A sane and reasonable person would have discarded the idea of trying to make a bread that is difficult to execute, uses an expensive and not easily found flour (here, anyways), and apparently has a flavour profile and usage that is not on their preference list.  I am obviously neither sane nor reasonable, so came up with an idiotic compromise idea that I'd pick up some local whole durum berries (those are easy to get) and do a whole-grain loaf to see if I actually liked it enough to go in search of the not-so-readily-available and far more expensive correct flour.  I spent a few days getting a durum starter going, and with Lechem's formula in hand, I took one of my baking days last week to try it with freshly ground whole durum.  Yes - I know that everything about whole grain is going to work differently than the semola, but it seemed like a reasonable starting point.  Well - by this point I was really questioning why I was even doing this.  I was almost resenting the time put in, and was NOT a happy baker.  Everything about the dough just felt wrong from the start, and I just couldn't get my head around what needed to be done to make it work and feel better --- so I just followed the formula and hoped for the best:

The crust looked okay, but it felt heavy and took forever to hit temperature, so it was obviously under-fermented, as proven by the dense and heavy crumb with the more open holes around the perimeter:

It had a surprisingly good mouth-feel, but the flavour was really, really, really - meh.  Not bad, but certainly not something that I'd go out of my way to look for.

The day wasn't a total waste, fortunately, since I still had some pizza dough left over from the previous week (that I'd been tempted to try from a post by inumeridiieri), and it turned out that an extra 4 days fermenting in the fridge with a longer par bake was just what it needed to become one of the first pizzas that I have ever really liked:

The next day I got back to basics with a 60% whole grain "daily" loaf with 40% rye --- and I really enjoyed playing with the mix.  This was my first loaf with tang zhong, then I started the final dough mix at 75% hydration, and kept adding water as I kneaded it (just to see how it would feel), and finished the mix at 83%.  I was looking for a hearty loaf that would stand up to a ham and sauerkraut sandwich made at 6:00 a.m. and not eaten until 8:00 p.m. and that is exactly what I got:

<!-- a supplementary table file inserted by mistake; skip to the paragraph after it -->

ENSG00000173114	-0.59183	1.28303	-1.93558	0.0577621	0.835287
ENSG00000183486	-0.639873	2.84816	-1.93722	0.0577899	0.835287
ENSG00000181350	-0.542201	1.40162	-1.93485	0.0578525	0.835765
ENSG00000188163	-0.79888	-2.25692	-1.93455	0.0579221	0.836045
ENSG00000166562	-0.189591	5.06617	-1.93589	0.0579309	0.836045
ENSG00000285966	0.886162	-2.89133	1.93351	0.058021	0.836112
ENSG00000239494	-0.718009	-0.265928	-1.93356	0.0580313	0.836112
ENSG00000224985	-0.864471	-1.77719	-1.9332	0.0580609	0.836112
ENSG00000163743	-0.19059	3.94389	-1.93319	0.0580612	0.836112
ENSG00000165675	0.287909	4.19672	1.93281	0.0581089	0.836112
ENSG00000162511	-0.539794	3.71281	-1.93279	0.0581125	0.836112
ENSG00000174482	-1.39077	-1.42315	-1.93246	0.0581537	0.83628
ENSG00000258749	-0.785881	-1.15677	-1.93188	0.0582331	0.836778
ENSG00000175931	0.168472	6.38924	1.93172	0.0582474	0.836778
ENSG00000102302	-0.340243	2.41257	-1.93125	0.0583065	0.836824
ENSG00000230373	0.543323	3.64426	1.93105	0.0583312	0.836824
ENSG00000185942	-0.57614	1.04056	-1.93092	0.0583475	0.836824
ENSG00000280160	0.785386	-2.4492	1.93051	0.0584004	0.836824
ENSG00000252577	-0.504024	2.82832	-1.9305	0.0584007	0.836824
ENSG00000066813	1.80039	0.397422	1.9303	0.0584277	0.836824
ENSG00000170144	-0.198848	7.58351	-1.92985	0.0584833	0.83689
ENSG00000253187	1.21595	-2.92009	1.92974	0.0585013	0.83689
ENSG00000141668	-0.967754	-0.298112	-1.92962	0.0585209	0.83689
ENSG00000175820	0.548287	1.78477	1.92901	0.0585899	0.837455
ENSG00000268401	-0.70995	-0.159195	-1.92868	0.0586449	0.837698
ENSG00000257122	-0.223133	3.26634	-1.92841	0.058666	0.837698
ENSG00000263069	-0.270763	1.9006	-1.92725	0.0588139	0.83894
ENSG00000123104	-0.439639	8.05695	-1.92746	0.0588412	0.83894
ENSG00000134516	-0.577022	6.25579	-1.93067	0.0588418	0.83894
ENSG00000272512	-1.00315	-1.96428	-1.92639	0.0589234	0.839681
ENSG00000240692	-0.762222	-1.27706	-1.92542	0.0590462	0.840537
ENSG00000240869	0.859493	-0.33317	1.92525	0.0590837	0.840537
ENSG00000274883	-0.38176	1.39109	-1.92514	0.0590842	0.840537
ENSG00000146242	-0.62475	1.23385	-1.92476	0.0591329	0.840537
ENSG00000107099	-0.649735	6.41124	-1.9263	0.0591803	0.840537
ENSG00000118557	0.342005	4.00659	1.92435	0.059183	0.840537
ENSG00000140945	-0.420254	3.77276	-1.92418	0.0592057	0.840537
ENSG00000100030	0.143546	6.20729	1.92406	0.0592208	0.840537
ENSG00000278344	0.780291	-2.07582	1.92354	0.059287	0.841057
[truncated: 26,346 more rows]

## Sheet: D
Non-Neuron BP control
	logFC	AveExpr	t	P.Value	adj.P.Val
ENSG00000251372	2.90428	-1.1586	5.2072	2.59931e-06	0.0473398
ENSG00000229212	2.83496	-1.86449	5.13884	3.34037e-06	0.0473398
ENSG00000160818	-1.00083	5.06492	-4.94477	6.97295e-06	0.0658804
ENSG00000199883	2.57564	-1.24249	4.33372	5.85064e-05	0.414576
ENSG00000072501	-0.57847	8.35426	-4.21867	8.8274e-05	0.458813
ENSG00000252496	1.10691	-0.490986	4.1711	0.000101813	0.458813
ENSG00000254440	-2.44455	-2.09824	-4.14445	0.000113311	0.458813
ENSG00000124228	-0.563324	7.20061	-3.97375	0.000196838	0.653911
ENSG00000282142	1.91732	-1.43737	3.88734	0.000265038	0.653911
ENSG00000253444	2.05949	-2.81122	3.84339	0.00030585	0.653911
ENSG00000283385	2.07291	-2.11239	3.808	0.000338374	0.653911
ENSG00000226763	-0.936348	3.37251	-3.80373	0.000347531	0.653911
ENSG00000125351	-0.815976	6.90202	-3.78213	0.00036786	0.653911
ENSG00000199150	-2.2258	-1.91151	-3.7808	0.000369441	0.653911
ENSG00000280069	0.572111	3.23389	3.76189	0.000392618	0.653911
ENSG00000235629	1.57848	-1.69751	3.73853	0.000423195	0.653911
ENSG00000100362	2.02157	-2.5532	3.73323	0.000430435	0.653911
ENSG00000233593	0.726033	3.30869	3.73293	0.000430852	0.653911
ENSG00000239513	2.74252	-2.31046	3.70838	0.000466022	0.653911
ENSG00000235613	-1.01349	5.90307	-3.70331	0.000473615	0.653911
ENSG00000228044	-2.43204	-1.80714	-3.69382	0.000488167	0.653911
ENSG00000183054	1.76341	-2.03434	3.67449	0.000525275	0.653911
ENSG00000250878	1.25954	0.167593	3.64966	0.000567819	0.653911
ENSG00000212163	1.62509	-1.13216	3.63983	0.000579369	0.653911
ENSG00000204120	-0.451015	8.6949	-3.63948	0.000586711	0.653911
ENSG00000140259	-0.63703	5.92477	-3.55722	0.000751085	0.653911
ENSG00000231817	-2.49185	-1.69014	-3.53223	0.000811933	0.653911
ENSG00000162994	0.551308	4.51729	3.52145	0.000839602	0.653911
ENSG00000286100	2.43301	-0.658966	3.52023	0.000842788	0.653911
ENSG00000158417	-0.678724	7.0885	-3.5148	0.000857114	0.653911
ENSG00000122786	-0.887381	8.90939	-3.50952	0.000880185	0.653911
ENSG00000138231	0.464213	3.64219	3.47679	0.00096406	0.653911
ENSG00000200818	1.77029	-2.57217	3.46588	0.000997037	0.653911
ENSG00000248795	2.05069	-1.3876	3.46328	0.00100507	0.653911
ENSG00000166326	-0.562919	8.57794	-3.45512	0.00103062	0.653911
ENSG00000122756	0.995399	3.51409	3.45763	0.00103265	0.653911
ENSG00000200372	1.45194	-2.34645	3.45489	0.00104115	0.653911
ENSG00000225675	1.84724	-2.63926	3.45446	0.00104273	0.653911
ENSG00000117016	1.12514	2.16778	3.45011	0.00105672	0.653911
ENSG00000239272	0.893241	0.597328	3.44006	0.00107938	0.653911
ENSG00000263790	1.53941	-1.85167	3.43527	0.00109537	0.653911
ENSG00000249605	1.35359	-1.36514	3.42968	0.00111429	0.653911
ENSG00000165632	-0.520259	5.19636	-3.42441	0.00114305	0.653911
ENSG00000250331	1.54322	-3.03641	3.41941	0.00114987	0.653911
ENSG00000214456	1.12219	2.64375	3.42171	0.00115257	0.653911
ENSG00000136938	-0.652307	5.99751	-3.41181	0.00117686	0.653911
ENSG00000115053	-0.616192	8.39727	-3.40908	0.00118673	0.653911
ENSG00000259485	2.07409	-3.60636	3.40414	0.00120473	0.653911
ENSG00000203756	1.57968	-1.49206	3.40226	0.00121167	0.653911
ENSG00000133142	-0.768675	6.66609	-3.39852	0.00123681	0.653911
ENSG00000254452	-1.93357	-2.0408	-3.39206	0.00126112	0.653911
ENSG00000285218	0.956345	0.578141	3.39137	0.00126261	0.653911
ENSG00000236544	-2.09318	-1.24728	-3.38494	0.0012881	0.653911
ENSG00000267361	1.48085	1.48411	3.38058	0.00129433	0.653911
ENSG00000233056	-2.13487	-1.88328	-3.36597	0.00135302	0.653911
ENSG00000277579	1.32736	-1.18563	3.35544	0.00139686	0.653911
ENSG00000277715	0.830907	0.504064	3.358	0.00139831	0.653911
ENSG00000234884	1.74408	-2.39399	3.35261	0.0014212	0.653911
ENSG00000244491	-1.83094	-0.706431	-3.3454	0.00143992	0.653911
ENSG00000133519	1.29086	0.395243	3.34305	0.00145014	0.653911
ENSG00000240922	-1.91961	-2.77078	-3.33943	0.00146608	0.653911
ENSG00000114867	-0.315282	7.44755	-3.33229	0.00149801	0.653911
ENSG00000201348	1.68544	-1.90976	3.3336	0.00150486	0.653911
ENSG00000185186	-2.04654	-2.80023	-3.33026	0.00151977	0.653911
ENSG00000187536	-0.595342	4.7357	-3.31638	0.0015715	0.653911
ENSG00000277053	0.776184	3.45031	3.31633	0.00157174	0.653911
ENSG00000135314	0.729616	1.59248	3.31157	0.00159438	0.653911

My different attitudes to the two bakes showed me that I need to get back to my original priorities and focus on creating loaves for a flavour that we love.  I still had that durum loaf to get through (I didn't even like it enough to want to save it for altus), and then... well - I thought about me not really liking pizza and then having the pleasant discovery that the right recipe was something that I now enjoyed.  Then, I recalled that inumeridiieri had commented on one of Lechem's posts with a photo of a fresh tomato and olive oil bruschetta. 

So - I got home and hacked off a couple of slices of that durum bread, toasted it heavily, and mixed up some tomatoes and onions and garlic and olive oil and ...

Who'd a thunk it?  It's actually really darned good!  I've had it for lunch for the past couple of days, and enjoyed it so much that I'm planning on another 100% whole grain durum for this week.  I'll be doing a different timing and a higher hydration, but will go with how it feels and see if I can't come up with a really serviceable loaf with a flavour that I'll enjoy.

I doubt that I'll be chasing down the proper flour any time soon (but won't rule it out entirely), but am glad to have my obsession reined in for a bit and get back to enjoying producing what the more practical side of me wants.  There will still be some playing (I'm still dithering on a tang zhong with my other loaf this week - or a toasted oat / oat bran / wheat germ porridge).  I'm even more glad that I kept an open mind about what I do or don't like - and gave the bread another try following suggestions from the wonderful experienced folk who post on here...

Many thanks, and keep baking happy!

FrugalBaker's picture
FrugalBaker